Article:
"Free" DC Universe Online Revenues Jump 700 Percent

"Free" DC Universe Online Revenues Jump 700 Percent

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Becoming "free" has added up to a serious boost in revenues for DC Universe Online.

"MMO ditches mandatory subscription fees, makes tons of money" is hardly news anymore, is it? But I've got space to fill and you've apparently got time on your hands, so let's check out DC Universe Online, which switched over to a free-to-play model in October. Unlike other MMOs, which generally take the plunge out of sheer desperation, Sony claimed that DCUO made the change simply because it's a better business model.

And that certainly does appear to be the case based on tweets coming from Sony Entertainment Online President John Smedley, who said he is "really happy with how DCUO is doing." Understandably so: the user base is growing at a rate of six percent per day, but more than 85 percent of daily log-ins are returning players. The most important measure of all - the money - is doing even more impressively; Smedley said the game has seen a 700 percent increase in daily revenues.

DCUO has also become a bit of a victim of its own success, as earlier this month Smedley acknowledged various stability and lag issues, and said Sony was working to increase the capacity of its game servers. "We are at a 900% concurrent increase since we launched f2p. We are working on getting subscribers to the front of the line," he tweeted. "Very bluntly this has been a wee bit more successful than we planned on. Sorry." The next day he revealed that DCUO was running at over 1000 percent of its pre-free-to-play concurrent user numbers.

via: Eurogamer

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But I've got space to fill and you've apparently got time on your hands.

How did he know!

Also what's the odds WoW will switch to this soon enough.

At any rate, this is pretty good news, for fans and developers alike.

Well good for them I guess but I personally found DCUO to be the worst of the three Superhero MMOs.

EDIT:

Sixcess:

Andy Chalk:
Unlike other MMOs, which generally take the plunge out of sheer desperation, Sony claimed that DCUO made the change simply because it's a better business model.

Ha.

They went F2P within 9 months of launch. Fallen Earth, an indie MMO with no big publisher backing, lasted 2 years before they made the transition to F2P. City of Heroes, the original superhero MMO, which has been running longer than WoW, went over 7 years before they switched.

Not desperation? Pull the other one, Sony.

That aside, I've tried it and thought it was terrible in pretty much every way from character animation to camera control to the ridiculously restrictive powers system.

City of Heroes is Free-to-Play? since when?

Andy Chalk:
Unlike other MMOs, which generally take the plunge out of sheer desperation, Sony claimed that DCUO made the change simply because it's a better business model.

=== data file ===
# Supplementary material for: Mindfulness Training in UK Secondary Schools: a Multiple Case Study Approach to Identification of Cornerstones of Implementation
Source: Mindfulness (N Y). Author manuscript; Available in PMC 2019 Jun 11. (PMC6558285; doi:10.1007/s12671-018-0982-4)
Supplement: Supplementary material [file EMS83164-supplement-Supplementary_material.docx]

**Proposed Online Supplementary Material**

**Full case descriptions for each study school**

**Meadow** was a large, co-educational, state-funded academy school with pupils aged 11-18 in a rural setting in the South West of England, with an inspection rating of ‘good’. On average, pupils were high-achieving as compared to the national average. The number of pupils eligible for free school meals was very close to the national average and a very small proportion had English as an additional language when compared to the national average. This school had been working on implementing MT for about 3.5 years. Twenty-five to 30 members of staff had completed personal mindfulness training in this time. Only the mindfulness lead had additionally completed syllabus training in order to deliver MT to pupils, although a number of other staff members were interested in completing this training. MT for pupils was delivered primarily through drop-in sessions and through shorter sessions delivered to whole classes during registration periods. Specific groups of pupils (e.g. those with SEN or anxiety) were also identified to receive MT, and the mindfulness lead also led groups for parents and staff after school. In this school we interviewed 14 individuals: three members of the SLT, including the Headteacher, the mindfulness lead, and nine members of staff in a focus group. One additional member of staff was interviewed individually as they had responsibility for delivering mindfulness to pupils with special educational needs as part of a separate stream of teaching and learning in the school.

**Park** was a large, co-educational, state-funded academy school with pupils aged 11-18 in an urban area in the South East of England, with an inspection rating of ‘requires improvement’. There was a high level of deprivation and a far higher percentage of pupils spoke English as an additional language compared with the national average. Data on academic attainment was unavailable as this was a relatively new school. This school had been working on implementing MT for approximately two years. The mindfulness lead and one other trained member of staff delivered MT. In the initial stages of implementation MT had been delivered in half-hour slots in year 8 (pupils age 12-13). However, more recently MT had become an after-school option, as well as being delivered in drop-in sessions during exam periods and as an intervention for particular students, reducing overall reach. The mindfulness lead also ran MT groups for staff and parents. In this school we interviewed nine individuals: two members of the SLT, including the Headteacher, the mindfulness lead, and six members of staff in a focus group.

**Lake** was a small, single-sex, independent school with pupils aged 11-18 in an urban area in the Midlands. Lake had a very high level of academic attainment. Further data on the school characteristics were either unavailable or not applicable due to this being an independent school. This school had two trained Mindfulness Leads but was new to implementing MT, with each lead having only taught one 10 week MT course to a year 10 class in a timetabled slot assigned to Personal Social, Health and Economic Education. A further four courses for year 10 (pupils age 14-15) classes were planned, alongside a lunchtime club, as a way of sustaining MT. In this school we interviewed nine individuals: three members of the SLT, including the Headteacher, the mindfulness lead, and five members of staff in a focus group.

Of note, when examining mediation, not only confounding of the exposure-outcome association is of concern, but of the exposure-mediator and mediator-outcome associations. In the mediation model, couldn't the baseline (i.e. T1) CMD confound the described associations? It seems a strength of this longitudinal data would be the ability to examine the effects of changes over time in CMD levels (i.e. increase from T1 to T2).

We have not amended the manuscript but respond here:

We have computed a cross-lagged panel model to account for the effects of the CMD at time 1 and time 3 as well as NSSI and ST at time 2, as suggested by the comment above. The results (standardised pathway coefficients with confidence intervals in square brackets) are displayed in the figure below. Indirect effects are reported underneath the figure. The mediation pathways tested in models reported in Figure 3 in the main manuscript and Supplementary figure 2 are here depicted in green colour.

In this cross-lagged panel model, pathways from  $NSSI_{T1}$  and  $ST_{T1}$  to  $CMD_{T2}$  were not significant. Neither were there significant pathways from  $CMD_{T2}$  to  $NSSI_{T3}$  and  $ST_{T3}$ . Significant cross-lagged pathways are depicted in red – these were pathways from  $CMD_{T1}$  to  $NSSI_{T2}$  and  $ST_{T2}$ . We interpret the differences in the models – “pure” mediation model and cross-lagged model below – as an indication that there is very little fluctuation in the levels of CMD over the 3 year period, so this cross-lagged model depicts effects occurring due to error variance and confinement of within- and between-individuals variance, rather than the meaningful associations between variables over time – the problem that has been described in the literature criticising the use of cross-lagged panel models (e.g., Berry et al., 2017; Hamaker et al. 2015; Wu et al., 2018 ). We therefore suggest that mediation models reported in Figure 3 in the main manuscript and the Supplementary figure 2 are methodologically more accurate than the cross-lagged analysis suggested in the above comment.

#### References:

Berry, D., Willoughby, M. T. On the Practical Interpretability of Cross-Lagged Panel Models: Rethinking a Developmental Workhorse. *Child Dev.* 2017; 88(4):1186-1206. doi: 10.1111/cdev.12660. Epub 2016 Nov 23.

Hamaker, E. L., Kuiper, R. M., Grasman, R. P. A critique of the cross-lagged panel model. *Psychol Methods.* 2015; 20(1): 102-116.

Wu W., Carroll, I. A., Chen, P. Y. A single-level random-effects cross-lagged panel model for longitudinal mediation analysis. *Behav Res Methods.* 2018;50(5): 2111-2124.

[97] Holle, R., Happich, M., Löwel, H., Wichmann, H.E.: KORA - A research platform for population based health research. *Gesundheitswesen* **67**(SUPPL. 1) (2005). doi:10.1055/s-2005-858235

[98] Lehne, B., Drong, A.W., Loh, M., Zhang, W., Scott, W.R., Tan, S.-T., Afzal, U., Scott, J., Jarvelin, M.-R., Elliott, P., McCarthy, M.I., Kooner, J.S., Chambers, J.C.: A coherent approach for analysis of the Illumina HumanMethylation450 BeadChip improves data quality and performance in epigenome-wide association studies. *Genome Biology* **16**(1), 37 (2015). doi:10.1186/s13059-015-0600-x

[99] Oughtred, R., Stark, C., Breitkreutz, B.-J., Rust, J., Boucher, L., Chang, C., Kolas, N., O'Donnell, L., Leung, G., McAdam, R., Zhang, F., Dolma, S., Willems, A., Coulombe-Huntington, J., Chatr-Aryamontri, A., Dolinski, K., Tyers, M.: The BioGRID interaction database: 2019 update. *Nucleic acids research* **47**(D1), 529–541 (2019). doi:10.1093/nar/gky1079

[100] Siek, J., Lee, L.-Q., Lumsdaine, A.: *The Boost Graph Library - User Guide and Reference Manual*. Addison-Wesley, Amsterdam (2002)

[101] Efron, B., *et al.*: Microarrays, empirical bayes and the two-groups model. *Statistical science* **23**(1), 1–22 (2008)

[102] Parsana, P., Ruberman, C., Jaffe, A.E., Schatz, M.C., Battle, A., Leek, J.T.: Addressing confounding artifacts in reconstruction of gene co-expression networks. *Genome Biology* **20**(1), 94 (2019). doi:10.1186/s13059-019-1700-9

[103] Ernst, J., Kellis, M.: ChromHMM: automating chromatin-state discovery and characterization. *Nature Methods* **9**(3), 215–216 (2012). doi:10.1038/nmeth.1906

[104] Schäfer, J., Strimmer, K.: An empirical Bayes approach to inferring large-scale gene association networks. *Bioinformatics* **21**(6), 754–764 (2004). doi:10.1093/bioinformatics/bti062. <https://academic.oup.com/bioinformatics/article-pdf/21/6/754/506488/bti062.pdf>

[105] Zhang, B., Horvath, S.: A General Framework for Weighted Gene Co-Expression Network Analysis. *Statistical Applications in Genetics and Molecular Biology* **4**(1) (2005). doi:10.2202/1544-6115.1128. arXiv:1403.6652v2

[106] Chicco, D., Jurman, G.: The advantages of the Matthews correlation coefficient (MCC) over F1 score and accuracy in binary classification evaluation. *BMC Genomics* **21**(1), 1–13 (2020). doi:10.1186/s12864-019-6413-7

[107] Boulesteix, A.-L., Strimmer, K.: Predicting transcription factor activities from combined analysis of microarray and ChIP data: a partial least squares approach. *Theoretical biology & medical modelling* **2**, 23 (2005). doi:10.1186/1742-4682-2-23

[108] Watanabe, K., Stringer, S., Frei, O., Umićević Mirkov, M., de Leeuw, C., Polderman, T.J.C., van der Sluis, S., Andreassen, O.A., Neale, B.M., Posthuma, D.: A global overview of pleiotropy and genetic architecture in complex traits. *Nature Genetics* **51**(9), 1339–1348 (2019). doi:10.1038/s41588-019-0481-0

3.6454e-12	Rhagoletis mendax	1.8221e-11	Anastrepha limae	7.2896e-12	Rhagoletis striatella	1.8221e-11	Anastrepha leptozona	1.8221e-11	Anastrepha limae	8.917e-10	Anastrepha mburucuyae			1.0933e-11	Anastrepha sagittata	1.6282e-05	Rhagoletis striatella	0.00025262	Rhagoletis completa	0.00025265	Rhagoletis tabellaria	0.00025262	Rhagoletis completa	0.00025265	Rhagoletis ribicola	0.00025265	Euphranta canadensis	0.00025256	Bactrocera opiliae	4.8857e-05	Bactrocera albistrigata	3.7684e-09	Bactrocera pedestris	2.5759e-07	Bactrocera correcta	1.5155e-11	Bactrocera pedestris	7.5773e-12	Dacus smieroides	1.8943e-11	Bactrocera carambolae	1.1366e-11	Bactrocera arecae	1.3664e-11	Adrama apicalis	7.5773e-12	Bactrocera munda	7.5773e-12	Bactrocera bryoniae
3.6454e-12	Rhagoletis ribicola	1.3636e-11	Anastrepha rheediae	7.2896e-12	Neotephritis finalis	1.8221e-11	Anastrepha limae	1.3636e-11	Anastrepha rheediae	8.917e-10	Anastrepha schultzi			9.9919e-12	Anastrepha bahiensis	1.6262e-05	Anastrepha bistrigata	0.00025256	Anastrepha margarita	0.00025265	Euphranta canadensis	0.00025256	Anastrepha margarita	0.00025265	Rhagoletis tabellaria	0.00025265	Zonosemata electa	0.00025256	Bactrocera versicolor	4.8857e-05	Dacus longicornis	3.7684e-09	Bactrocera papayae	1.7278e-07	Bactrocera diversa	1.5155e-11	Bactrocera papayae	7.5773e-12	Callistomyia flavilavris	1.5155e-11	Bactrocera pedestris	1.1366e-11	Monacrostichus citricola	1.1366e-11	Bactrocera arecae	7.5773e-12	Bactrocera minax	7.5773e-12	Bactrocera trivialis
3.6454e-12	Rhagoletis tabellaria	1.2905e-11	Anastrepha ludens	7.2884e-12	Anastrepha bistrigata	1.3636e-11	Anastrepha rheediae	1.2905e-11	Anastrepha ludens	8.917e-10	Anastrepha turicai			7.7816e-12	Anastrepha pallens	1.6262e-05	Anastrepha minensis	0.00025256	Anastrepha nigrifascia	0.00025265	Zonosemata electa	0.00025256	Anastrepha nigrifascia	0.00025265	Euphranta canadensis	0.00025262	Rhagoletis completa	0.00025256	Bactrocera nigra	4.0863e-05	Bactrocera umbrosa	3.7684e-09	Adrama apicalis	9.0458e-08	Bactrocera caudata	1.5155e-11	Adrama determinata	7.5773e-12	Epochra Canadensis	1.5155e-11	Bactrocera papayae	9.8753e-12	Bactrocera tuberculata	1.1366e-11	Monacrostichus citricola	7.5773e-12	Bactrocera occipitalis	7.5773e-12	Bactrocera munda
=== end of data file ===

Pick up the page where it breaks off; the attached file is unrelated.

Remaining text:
Ha.

They went F2P within 9 months of launch. Fallen Earth, an indie MMO with no big publisher backing, lasted 2 years before they made the transition to F2P. City of Heroes, the original superhero MMO, which has been running longer than WoW, went over 7 years before they switched.

Not desperation? Pull the other one, Sony.

That aside, I've tried it and thought it was terrible in pretty much every way from character animation to camera control to the ridiculously restrictive powers system.

This kind of statistics is a clear indicator that SWToR will fail if they keep their monthly fee plan. Especially when you consider that Guild Wars 2 will be Free to play and it has a very high production value.

Hmmm, well I'm going to call BS here because these claims are really reeking of poo. :)

I was a DCUO player when it first started and within the first couple of months the game had pretty much died due to lack of content, I mean we're talking cases where it could be difficult to spot another player.

When they went FTP I decided to check it out again, especially seeing as I had a free subscription due to being subscribed to SWG until December 15th when it goes down. To be honest the game had a huge number of people checking it out, but the numbers are dropping drastically over the last few days as people quickly exhaust the content.

Their revenues largely being due to the simple fact that I think a lot of people wanted the "premium" model which came from spending $5 or more in their cash shop, so a lot of people bought something trivial. I also admit I bought some character and inventory slots in case I ever stop back by when my free subscription period ends, especially seeing as I had some station cash from somewhere... probably SWG overflow or free cash that came with another game or something.

At any rate, the point here is that the game was dying if not dead, they had the liscence paid up so probably intended to keep it on life support (unlike SWG where the liscence expired), a lot of people stopped by to check it out and wound up dropping $5, but honestly I don't think most of those people are staying or are likely to routinely keep feeding money into the cash shop.

In this paticular case I think the optimistic claims are meant to put on a show and get attention, they don't seem to match the realities of what I've seen.